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Where to Start When Developing Your Fertilizer Plan

Developing a fertilizer plan for your farm is never a straightforward task. There’s a lot to take into account when planning — so where do you start?

A good starting place is reviewing last year’s fertilizer rates, crop yields, and target yields. Knowing that information will help you to assess what worked, what didn’t, and why things went the way they did, giving you a start on what to do (or not do) again.

Another key piece to solving this agronomic puzzle is soil testing. Review your fall soil tests and look at future crop sequences. For canola specifically, it’s important to ensure macronutrients required to achieve your target yield are made available for your upcoming crop. Once those are in balance, you can start determining what you’ll need based on the previous information.

Nutrient Uptake and Removal #

The main focus of the 4R Nutrient Stewardship plan for canola is to optimize fertilizer applications to increase yields and to increase nutrient use efficacy.

Two to 3 lb. of nitrogen are required per bushel of seed yield. Of the nitrogen taken up by a plant, 70% of it is removed with the seed, leaving 30% of it in the field as residue. Through soil testing and the previous year’s yield data, you can utilize nutrient uptake and removal rates to generate your fertilizer rates for this year.

A recent study done by the University of Lethbridge and funded by the Canola Council of Canada looked into the factors affecting nutrient and water use efficiencies. Their findings highlight the importance of nitrogen applications applied in the spring and controlled release products help minimize losses and keep nitrogen available for the crop to use.

“Canola growers in Western Canada utilize a lot of practices that help increase nitrogen use efficiency already,” said Justine Cornelsen, BrettYoung’s Agronomic and Regulatory Services Manager. “Split applications can also be beneficial to help spoon feed nitrogen to the crop when it’s needed.” 

Cornelsen added that this practice is not common right now as it’s high risk for timing, requires another application, and so takes some more planning to achieve.

For every bushel of canola seed yield, 2.5 lb of potassium are required. Potassium is a more plentiful nutrient found across Western Canada and remains in the canola plant biomass, not the seed. It’s less mobile in the soil than nitrogen, so placement near the rooting zone is key. Due to the high salt index of potassium fertilizer, it’s best to sideband the potash fertilizer than place it within the seed row.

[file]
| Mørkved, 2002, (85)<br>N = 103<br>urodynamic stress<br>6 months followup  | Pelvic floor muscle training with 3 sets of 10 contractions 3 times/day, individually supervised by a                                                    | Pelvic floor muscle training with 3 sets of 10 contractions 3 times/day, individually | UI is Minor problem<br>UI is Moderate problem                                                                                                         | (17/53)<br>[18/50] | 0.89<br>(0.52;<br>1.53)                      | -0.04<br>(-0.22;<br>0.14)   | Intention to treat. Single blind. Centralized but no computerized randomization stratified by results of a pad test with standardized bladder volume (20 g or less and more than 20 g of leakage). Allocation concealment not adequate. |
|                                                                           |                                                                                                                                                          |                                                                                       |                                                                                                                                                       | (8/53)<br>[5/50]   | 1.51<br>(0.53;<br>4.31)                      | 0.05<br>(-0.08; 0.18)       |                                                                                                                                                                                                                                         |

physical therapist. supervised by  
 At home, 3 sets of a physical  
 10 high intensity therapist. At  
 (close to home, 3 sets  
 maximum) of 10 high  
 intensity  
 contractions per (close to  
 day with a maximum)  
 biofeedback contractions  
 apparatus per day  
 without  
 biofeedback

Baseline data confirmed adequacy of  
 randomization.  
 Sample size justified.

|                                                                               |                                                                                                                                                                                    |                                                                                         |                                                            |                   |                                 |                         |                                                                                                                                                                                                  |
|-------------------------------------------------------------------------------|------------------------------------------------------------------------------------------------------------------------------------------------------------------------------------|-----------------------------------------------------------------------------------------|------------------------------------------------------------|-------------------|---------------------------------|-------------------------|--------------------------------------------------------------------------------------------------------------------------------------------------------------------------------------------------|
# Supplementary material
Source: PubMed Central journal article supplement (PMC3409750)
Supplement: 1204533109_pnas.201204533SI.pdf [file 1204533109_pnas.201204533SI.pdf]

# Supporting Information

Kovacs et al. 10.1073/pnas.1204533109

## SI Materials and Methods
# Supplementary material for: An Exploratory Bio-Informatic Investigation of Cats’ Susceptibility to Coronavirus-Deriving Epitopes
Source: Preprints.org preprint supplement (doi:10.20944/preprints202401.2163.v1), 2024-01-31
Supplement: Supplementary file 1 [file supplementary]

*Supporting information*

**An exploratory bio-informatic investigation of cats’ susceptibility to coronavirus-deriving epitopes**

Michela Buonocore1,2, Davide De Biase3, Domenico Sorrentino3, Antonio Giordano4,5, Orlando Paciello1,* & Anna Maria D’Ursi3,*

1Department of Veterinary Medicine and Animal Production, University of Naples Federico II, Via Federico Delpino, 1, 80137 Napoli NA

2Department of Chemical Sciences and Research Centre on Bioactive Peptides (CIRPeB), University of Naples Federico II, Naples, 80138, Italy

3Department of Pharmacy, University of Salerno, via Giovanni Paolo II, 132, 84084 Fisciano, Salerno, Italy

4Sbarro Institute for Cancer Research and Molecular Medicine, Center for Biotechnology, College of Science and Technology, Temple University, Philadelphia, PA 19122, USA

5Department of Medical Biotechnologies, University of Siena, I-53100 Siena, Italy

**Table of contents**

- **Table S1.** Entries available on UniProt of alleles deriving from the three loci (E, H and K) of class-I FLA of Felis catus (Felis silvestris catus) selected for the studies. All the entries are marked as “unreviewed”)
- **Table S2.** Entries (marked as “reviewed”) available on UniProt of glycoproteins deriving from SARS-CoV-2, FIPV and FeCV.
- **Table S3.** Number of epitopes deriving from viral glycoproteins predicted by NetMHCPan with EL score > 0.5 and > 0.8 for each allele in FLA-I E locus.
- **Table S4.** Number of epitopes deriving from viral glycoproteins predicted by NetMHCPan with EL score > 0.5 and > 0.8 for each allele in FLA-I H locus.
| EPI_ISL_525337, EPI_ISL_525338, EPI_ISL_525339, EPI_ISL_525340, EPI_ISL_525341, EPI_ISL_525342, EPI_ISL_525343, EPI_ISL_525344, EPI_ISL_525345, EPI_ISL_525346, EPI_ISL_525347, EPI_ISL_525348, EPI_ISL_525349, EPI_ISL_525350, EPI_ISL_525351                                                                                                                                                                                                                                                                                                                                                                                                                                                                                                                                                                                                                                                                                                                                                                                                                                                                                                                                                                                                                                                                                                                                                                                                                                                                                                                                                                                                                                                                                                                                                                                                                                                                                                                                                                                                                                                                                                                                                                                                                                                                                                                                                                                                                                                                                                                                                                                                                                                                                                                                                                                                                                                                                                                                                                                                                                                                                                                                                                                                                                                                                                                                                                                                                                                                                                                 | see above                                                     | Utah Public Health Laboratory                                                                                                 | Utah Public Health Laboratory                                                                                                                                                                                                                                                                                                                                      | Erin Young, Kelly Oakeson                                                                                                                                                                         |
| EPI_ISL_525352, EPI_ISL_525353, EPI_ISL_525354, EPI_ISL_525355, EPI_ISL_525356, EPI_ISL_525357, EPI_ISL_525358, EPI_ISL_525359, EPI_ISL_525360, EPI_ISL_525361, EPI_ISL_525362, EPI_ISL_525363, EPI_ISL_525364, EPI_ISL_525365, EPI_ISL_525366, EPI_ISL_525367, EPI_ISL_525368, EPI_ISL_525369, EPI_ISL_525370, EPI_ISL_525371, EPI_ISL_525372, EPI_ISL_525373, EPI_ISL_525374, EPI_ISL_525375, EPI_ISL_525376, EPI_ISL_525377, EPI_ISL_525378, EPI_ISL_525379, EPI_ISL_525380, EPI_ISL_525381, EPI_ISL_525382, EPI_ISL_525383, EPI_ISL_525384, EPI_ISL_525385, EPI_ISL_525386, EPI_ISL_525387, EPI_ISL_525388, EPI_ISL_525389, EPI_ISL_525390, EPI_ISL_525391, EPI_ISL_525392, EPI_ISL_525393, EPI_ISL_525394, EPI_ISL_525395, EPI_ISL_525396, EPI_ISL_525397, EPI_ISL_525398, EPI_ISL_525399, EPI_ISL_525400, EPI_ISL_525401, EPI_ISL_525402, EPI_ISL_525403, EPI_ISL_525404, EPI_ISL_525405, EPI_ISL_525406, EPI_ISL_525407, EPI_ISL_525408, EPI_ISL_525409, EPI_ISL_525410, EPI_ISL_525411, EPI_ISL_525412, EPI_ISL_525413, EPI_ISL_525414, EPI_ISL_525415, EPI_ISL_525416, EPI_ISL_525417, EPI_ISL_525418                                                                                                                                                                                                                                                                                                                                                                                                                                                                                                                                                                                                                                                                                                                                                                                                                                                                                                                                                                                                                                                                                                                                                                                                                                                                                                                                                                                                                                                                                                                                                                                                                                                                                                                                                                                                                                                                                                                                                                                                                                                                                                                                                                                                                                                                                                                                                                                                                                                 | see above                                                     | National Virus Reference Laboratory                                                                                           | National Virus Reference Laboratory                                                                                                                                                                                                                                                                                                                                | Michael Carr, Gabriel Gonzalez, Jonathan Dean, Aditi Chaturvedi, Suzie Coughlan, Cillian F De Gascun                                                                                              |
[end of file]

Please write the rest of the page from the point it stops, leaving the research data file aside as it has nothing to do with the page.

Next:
Canola requires 0.5 to 0.7 lb of sulphur per bushel of seed yield. Sulphur levels can be extremely variable across a field, and it’s recommended you place at least 10 to 20 lb/ac – but higher rates may be required to reach yield targets. A spring application of ammonium sulphate away from the seed will help meet canola’s sulphur needs in the year of application, whereas elemental sulphur won’t be available for uptake in the year it’s applied, but it remains a good option for long-term nutrient building.

Sulphur deficiency is one of the easier deficiencies to identify in canola. The plants will have small, narrow leaves that are pale in colour if not yellow. The symptoms will be patchy across a field with a sulphur deficiency and are more likely to be seen in sandy soils with low organic matter. Cornelsen said a tissue sample will confirm the deficiency. If deficiency symptoms are detected early, a sulphur top-dressing application at bolting will help save your yield.

Seed-placed Fertilizer #

Proximity to the canola seed for all applied fertilizers is something to be considerate of and when placing fertilizer next to seed, you need to further think about seedbed utilization. This captures the amount of seedbed over which fertilizer is spread. The percent of seedbed utilization is calculated by the width of spread and row spacing – the higher the seedbed utilization, the more fertilizer that can be placed safely with the seed with heavier soils (clay) allowing for higher rates than light soils (sandy loam).

Soil moisture drastically changes what can safely be placed with the seed. For canola, you can safely place 15 to 20 lb/acre of phosphorus with the seed through products like MAP, which has a low salt index and a low toxicity to seed.

“Phosphorus is immobile in the soil so having phosphorus fertilizer near the seed allows for seedlings to pop out of the ground stronger,” said Cornelsen. “Some soils are low in phosphorus across the Prairies, so growers should be looking to build amounts of the nutrient. In the low phosphorus soils, canola will respond well to starter phosphorus.” 

Canola removes around 1 lb. of phosphorus for every bushel of canola seed produced — that’s usually higher than what can be safely placed with the seed. You should build phosphorus in the off years of your canola crop, so the levels don’t become depleted. Cornelsen added that adequate precipitation can suppress the effects of both high and low fertilizer amounts as it’s the most critical input of them all.

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